In a 4-3 decision that split along party lines, the Ohio Supreme Court's Republican majority ruled that GOP legislators had the authority to schedule an Aug. 8 special election for their constitutional amendment that would make it harder for voters to pass future amendments. Republican lawmakers just months earlier had passed a law ending regular August elections, and the plaintiffs had contended that the party could thus only schedule one by enacting separate legislation―something the GOP reportedly lacked the votes to pass. However, the court rejected their arguments.
The GOP's amendment, which only needs a simple majority in order to go into effect, would raise the threshold to 60% voter approval to pass future amendments. Their measure, which will be identified as Issue 1 on the ballot, would also require voters to gather a certain number of signatures from all 88 counties to qualify their own amendments for the ballot instead of the current number of 44 counties. The existing rules already make it burdensome for progressives to qualify ballot initiatives and pass them in this conservative state, but if voters approve the GOP's amendment, passing such measures could become all but impossible.
“This is 100% about keeping a radical, pro-abortion amendment out of our constitution,” Secretary of State Frank LaRose, a potential candidate for U.S. Senate, said earlier this month as he promoted Issue 1. Indeed, the campaign comes at a time when abortion rights backers are gathering signatures to get their own measure onto the ballot this November, but Republicans made sure the 60% threshold could take effect by then if approved.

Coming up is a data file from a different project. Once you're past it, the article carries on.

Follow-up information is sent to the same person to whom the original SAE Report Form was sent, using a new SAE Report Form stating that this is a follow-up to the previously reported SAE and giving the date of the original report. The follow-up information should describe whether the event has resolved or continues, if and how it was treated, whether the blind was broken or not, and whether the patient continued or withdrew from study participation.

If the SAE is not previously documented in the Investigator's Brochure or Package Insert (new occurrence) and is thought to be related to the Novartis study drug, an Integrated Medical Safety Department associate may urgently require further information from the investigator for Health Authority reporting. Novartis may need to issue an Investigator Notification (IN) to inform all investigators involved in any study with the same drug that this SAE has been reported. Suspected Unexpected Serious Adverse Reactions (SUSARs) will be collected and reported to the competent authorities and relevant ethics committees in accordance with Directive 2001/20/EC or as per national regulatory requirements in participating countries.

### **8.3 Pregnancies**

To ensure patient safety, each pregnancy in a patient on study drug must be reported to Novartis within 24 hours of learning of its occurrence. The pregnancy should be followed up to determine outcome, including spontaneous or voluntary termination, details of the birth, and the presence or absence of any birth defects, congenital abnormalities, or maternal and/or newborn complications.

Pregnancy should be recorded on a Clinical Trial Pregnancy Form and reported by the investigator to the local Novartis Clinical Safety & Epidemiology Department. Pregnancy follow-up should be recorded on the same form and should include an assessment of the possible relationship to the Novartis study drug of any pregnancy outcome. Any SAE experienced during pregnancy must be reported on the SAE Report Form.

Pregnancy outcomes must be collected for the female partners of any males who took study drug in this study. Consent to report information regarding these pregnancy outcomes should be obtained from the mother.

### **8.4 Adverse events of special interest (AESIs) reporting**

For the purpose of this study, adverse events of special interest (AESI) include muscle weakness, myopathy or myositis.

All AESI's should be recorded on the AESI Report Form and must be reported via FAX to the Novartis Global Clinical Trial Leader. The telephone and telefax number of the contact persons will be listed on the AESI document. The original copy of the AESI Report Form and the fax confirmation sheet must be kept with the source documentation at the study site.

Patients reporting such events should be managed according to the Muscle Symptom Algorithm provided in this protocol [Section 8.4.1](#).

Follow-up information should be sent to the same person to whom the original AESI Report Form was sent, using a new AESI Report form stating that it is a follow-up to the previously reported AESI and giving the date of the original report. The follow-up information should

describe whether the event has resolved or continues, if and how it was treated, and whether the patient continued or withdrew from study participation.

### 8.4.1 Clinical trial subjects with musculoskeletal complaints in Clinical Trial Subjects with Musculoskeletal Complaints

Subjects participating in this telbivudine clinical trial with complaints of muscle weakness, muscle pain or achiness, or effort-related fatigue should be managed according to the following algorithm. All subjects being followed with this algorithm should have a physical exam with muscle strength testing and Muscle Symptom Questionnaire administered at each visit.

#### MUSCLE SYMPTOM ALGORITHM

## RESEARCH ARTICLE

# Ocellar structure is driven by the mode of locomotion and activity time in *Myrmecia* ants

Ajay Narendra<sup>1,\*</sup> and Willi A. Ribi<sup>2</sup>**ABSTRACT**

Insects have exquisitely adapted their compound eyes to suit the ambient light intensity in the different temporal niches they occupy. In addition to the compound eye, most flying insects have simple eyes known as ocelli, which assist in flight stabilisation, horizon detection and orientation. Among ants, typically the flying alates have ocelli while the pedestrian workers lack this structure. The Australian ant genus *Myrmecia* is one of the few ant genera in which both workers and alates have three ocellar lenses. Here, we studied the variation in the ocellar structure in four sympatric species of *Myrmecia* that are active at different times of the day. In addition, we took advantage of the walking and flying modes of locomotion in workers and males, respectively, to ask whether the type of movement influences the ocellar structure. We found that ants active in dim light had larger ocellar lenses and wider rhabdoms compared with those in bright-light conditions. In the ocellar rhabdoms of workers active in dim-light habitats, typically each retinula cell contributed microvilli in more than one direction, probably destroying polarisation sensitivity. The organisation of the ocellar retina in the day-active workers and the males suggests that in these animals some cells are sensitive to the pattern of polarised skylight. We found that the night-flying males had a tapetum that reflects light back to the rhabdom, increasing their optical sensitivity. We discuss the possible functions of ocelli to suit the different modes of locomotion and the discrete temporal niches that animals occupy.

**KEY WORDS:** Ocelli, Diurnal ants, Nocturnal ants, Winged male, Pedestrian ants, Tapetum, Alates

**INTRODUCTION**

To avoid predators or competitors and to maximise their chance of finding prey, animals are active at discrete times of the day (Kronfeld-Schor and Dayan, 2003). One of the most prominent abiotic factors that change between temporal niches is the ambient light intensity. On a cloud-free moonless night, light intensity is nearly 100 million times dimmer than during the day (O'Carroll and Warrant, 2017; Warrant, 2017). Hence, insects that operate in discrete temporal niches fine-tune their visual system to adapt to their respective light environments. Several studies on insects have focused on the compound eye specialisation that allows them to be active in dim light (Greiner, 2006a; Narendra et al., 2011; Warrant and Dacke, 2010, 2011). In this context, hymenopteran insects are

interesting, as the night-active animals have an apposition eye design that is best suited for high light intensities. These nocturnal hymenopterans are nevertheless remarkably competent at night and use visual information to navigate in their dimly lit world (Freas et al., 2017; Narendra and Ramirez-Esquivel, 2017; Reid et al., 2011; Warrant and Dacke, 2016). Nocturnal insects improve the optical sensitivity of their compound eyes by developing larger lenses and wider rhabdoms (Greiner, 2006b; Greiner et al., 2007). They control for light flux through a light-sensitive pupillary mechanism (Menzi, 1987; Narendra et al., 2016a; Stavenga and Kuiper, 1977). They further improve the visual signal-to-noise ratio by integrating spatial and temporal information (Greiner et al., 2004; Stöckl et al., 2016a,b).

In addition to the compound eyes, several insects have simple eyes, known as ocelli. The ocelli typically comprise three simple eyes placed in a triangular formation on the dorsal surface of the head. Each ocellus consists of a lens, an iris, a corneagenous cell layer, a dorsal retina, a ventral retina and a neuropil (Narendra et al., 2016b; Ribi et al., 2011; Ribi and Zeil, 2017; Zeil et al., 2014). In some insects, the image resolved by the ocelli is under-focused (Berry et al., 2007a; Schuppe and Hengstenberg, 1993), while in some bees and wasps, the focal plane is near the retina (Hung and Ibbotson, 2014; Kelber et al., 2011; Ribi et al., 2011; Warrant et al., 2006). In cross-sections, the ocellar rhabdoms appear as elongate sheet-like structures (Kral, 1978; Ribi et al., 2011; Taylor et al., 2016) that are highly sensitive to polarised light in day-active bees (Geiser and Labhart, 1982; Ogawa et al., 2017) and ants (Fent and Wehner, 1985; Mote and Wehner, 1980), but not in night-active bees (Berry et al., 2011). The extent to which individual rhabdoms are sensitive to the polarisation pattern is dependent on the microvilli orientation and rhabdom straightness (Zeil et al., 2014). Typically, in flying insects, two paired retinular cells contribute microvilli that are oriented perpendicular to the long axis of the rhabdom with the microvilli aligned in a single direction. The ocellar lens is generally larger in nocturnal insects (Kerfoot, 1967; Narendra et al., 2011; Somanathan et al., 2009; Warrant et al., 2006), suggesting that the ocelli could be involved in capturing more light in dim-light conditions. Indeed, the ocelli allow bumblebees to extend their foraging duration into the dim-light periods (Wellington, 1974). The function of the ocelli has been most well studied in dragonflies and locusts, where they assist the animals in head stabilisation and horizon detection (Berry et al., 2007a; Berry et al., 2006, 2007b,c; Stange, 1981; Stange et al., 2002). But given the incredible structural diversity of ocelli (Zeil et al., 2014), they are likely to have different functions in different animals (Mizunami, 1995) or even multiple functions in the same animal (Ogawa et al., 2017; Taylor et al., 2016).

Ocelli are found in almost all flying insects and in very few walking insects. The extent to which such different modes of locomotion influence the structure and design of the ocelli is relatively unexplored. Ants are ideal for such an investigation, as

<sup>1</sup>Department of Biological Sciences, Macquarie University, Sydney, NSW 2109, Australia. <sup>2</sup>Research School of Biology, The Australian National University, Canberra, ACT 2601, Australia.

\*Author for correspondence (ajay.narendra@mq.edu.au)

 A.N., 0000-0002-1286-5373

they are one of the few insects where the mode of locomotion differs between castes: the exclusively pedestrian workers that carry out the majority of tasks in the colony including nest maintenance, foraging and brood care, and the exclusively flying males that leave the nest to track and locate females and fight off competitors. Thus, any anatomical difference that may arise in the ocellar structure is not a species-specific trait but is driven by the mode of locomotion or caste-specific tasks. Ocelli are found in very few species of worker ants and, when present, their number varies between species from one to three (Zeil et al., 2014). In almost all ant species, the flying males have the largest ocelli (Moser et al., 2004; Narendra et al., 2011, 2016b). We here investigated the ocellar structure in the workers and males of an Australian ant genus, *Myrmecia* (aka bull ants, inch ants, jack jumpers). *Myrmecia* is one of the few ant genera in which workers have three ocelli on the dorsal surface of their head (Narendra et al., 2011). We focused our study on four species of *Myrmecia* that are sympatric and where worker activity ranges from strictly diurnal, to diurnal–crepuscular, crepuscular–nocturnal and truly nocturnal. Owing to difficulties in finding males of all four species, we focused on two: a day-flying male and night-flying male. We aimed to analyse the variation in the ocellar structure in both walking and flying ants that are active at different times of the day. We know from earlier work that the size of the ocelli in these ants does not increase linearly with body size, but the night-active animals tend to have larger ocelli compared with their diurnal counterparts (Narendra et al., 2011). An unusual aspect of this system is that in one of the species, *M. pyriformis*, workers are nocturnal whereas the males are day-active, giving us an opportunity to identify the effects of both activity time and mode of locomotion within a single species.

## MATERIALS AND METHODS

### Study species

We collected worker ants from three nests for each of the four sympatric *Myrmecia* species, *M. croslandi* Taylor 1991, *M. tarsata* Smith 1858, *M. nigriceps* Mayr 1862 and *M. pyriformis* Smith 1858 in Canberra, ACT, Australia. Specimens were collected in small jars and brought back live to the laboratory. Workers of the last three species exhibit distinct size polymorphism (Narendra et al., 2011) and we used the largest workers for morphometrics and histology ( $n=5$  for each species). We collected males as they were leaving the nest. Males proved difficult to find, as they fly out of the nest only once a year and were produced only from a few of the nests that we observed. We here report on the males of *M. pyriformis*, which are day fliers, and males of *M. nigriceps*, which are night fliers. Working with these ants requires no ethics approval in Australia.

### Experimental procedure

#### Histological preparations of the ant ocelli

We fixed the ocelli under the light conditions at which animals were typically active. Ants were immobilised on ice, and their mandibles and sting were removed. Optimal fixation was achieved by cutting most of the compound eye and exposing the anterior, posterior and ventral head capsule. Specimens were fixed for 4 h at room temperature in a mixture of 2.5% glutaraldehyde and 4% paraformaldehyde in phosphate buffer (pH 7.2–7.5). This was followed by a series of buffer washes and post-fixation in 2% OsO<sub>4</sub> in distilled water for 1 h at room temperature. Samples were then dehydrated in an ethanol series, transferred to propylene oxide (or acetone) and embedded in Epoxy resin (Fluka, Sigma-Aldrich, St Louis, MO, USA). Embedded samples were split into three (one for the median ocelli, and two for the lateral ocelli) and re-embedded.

The higher signature requirement wouldn't apply until next year, but this isn’t the only potential ballot measure that Ohio Republicans are looking to stop. A state representative told his colleagues last year that this amendment also aims to thwart a 2024 effort to create an independent redistricting commission and end the GOP's existing gerrymanders. LaRose, meanwhile, touted Issue 1 by warning, “Who knows what’s next? Marijuana, or maybe we just get rid of that whole pesky keep and bear arms thing that’s in the Constitution?”
The secretary of state months ago was one of the Republicans who successfully called for ending regular August elections, saying, “August special elections generate chronically low turnout because voters aren’t expecting an election to occur. This is bad news for the civic health of our state.” However, he and his allies are now almost certainly hoping that the low turnout they warned about will make the August electorate disproportionately conservative and help Issue 1 earn the majority it needs. “The left has some really dangerous plans,” LaRose said as he promoted it earlier this month, “and this is one of the ways that we can make sure they’re not successful.”
There have been sooo many hot takes about the 2022 midterms, which is why we're joined on this week's episode of "The Downballot" by Michael Frias and Hillary Anderson of the progressive data firm Catalist to discuss their data-intensive report on what actually happened. They explain how they marry precinct-level election results with detailed voter files to go far beyond what the polls can tell us. Among the findings: Highly competitive races were much more favorable to Democrats than less-contested ones; Republicans paid a "MAGA tax" by nominating extreme candidates; and non-college white women shifted toward Democrats by notable margins compared to 2020.